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  • Gabriel Rhenals

Blog Post #121: My 'Strangers to Peace' Review!

Updated: Aug 22

In the early 2010s, I was recovering from an extremely difficult period in my life involving grave health and legal challenges. My future was uncertain and I struggled with what was usually a reliable motivation to carry out full-fledged short film productions. Luckily, I eventually gathered enough willpower to rise from my unfortunate slump and participate in some student film productions at University of Miami. That's where I first met UM film student and fellow filmmaker Noah DeBonis, whose instantly open-armed and magnanimous spirit meant the world to me. But I soon learned that such noble traits were equally matched by Noah's talent as a filmmaker. This was made resoundingly clear upon seeing his short films selected to be part of an exclusive UM student film showcase - three years in a row!


Several weeks ago, Noah surfaced on social media to announce the premiere of his latest film, Strangers to Peace, at this year's Miami Film Festival. I was aware he'd been working on a feature-length documentary since 2016 so I was thrilled to learn that the same project was finally ready to see the light of day. I ordered tickets as soon as they were available! There's no way I would miss a chance to see the latest work from someone I so greatly respect and admire.


Strangers to Peace is a feature documentary set in the Latin American country of Colombia. It was co-directed by Noah DeBonis and his wife, Laura Angel. The film explores events following a peace agreement between the right-wing Colombian government and FARC, the leftist guerrilla army based in the country's vast jungles. The decades-long war between them has claimed over 220,000 lives and displaced millions. As mentioned, however, in 2016 the Colombian president and FARC's leadership signed a controversial peace accord. Half of all Colombians support it.


Amid this historic backdrop, Strangers to Peace documents the lives of three ex-FARC soldiers as they attempt to rebuild their lives after leaving the army: Dayana, a market vendor now freer to express her identity as a trans woman; Ricardo, a young father still clinging to his communist ideology; and Alexandra, a young woman intent on reconnecting with her family in the Amazon.


To put it simply, the film is a marvel of deeply humanistic storytelling. It jolts and horrifies you with its presentation of the bloody, political strife while crucially generating compassionate regard for these former combatants, considered demon-like by many Colombians. We see that these ex-FARC militants are just as vulnerable, sensitive and personally beleaguered as any of us are. To wit, Dayana wants to be accepted as the woman she feels she truly is, Ricardo desires to raise his young daughter with proper values and Alexandra pines to reunite with a family she's never really known. In view of Colombia's page-turning peace talks, these three individuals want to put their pasts behind them and move forward with the same feelings of acceptance, love and hope that they see in the broader societal reconciliation effort.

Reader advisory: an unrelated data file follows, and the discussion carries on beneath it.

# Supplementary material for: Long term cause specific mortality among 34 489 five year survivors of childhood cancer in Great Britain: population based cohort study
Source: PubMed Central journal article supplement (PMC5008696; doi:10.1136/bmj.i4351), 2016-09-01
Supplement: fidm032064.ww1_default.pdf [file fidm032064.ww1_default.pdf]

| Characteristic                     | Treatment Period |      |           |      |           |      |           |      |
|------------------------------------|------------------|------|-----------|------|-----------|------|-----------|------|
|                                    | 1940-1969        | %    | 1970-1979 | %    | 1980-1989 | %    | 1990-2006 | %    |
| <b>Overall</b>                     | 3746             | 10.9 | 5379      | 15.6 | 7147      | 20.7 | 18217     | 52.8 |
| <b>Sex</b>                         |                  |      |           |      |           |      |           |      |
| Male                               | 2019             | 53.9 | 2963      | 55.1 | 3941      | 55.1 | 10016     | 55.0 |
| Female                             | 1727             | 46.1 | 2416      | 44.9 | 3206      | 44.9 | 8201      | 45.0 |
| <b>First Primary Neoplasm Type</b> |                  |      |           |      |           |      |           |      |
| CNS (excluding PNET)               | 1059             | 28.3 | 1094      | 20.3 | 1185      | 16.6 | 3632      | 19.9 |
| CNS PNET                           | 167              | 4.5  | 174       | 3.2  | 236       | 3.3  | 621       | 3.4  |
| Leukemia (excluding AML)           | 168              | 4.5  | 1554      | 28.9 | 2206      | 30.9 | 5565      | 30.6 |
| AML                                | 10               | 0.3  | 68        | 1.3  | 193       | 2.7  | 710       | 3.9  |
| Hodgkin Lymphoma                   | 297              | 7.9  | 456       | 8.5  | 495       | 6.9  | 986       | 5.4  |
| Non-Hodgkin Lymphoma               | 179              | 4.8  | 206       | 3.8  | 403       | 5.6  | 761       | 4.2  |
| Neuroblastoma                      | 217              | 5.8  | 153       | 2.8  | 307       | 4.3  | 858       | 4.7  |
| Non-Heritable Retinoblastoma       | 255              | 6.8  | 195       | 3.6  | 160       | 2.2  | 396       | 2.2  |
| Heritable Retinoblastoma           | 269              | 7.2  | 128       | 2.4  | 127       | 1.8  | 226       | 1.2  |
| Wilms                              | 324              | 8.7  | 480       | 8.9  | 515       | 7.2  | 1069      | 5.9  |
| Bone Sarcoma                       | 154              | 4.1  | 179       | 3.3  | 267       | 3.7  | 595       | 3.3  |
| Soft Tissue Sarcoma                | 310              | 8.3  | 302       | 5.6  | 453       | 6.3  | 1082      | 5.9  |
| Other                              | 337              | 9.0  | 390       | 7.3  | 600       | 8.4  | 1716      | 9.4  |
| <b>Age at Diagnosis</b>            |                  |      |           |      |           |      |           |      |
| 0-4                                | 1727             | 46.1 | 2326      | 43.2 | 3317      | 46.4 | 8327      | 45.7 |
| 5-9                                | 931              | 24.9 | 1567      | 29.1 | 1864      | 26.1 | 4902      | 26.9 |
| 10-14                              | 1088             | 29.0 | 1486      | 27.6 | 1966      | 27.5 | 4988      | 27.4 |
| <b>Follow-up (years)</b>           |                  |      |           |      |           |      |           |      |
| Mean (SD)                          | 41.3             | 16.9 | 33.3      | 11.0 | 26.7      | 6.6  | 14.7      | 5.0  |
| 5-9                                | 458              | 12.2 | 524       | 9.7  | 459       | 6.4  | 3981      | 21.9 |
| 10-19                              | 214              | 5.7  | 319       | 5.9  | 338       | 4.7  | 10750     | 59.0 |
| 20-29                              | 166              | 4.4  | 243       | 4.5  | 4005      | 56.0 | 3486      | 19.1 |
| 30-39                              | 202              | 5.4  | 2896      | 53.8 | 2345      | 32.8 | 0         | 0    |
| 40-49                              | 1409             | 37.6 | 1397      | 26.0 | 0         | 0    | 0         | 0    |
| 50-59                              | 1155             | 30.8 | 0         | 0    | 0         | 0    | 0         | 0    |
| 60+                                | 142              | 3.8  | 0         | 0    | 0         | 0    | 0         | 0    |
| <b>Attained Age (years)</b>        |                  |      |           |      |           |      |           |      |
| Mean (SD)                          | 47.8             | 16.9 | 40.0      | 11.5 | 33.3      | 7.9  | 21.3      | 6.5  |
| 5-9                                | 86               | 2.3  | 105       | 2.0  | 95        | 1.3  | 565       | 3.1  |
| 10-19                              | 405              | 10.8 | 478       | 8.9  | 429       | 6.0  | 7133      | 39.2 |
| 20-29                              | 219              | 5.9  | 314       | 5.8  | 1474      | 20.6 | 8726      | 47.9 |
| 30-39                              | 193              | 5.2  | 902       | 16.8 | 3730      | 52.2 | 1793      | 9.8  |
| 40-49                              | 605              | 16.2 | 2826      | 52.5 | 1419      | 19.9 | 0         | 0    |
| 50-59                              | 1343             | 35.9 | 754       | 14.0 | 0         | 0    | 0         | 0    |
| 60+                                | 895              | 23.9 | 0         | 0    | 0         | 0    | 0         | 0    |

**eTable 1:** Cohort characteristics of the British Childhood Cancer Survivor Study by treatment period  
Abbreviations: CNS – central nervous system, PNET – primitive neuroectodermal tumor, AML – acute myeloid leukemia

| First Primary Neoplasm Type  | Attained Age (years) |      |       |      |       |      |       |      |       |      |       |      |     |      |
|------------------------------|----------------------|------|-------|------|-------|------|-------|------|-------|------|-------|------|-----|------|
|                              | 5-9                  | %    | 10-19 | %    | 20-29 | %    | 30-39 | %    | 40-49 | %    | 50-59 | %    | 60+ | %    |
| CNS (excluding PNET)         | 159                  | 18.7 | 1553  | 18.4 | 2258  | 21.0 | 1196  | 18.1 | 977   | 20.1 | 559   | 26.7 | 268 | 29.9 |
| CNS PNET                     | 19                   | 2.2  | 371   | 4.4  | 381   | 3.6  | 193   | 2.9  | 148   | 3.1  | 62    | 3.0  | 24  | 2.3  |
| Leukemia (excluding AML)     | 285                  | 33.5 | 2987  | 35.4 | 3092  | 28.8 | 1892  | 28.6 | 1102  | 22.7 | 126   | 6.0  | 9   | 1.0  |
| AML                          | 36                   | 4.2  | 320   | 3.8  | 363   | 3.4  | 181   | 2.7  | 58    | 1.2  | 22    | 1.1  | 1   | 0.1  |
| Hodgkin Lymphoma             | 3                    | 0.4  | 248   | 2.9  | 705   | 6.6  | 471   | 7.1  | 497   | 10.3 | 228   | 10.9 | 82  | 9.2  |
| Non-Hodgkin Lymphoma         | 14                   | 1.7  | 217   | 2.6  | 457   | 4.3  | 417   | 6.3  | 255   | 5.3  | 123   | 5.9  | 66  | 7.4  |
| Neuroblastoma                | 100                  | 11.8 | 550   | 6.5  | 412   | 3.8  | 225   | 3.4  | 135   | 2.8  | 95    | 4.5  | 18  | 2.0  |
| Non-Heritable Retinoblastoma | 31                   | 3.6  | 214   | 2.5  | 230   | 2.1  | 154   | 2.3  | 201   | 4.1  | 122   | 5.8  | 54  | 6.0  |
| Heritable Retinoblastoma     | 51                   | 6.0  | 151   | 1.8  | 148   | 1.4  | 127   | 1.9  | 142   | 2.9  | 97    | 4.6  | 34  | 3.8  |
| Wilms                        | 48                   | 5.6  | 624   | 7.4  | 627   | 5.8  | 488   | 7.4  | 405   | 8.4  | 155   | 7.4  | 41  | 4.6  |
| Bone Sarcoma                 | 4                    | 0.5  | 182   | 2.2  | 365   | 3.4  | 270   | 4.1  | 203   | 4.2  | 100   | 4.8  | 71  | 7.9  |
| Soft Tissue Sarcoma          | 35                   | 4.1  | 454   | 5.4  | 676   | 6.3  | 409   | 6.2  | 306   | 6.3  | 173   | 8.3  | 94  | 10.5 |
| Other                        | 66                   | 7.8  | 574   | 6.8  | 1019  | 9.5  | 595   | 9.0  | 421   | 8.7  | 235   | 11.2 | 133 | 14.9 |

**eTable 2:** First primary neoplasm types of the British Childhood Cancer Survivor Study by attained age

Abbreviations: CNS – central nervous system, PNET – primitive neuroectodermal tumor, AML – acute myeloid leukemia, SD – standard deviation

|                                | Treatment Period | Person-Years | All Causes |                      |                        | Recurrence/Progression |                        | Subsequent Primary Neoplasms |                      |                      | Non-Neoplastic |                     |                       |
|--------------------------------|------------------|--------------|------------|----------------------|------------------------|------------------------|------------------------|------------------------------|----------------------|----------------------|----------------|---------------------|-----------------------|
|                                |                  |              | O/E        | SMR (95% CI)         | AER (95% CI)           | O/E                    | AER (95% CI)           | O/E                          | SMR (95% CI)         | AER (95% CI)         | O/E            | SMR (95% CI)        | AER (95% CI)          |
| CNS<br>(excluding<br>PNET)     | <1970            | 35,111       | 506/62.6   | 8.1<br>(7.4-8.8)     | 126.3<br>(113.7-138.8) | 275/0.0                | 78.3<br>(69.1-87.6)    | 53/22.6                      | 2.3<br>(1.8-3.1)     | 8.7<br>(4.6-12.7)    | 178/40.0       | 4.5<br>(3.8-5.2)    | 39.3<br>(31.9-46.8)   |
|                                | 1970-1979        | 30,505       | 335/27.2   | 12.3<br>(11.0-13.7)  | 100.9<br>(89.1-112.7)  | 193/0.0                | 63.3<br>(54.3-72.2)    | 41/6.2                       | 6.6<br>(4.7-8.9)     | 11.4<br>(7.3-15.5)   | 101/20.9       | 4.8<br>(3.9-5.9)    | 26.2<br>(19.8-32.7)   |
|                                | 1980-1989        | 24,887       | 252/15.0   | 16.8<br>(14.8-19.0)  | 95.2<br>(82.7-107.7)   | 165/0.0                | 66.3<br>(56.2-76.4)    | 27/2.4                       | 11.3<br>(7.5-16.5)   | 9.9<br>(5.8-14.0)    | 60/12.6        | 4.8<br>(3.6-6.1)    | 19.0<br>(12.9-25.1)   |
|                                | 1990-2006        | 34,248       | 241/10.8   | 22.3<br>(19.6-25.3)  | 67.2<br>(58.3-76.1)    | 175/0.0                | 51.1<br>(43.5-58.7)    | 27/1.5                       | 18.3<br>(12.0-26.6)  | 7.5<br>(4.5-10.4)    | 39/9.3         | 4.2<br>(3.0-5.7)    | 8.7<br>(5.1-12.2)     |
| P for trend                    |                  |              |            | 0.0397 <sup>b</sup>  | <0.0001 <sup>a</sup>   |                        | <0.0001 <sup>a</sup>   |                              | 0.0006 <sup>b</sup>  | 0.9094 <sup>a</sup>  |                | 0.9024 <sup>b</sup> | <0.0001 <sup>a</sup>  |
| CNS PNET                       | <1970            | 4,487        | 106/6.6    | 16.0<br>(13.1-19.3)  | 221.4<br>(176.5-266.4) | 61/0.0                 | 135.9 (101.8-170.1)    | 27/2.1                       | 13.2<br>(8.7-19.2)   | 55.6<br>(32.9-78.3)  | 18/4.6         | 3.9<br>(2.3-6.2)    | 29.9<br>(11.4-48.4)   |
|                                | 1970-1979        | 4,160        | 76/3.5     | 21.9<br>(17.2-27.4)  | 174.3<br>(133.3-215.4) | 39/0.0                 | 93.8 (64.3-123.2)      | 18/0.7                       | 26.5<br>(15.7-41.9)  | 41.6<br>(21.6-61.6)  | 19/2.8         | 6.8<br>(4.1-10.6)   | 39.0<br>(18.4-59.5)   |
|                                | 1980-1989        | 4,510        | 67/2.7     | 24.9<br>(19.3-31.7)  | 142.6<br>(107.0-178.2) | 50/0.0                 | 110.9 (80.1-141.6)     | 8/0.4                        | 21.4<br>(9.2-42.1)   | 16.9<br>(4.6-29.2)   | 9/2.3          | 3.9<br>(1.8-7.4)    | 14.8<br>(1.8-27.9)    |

I attended the screening of Strangers to Peace with my parents, who are both from Colombia. When the film was over, they both readily expressed their appreciation of the work and how important they felt it was in addressing the problematic perception many have of the conflict. In my household, my dad often talks about the rampant corruption of the established government in Colombia and the brutality of their military forces. He greatly appreciated this very non-mainstream approach to the subject matter. And as a former radical student activist myself, I was also rather appreciative of the uncommonly even-handed take on the matter.


Beyond the film's narrative and thematic offerings, it is also a beautifully shot film. The bustling atmosphere of Bogotá, Colombia's capital and its largest city, is well-captured; as are the country's evergreen and river-laced rural areas. Noah and Laura's camera always keep the subjects aptly in frame but it doesn't mind retracting from the intimate with wide, sprawling vistas made possible by remarkable aerial drone photography. Also, the film concludes with drone footage of one of the most astonishing geographical features I've ever seen in a documentary!


Although Strangers to Peace focuses squarely on the aftermath of Colombia's domestic armed conflict, it explores themes and ideas relevant to many other similarly afflicted countries. And it does so with a calm and measured documentary filmmaking hand. Congratulations to Noah DeBonis, Laura Angel and their intrepid crew for producing such an important and accomplished film!


"Understanding is a very muscular act." -Steven Spielberg


Strangers to Peace is streaming online for a limited-time only as part of the Miami Film Festival! Watch it here!



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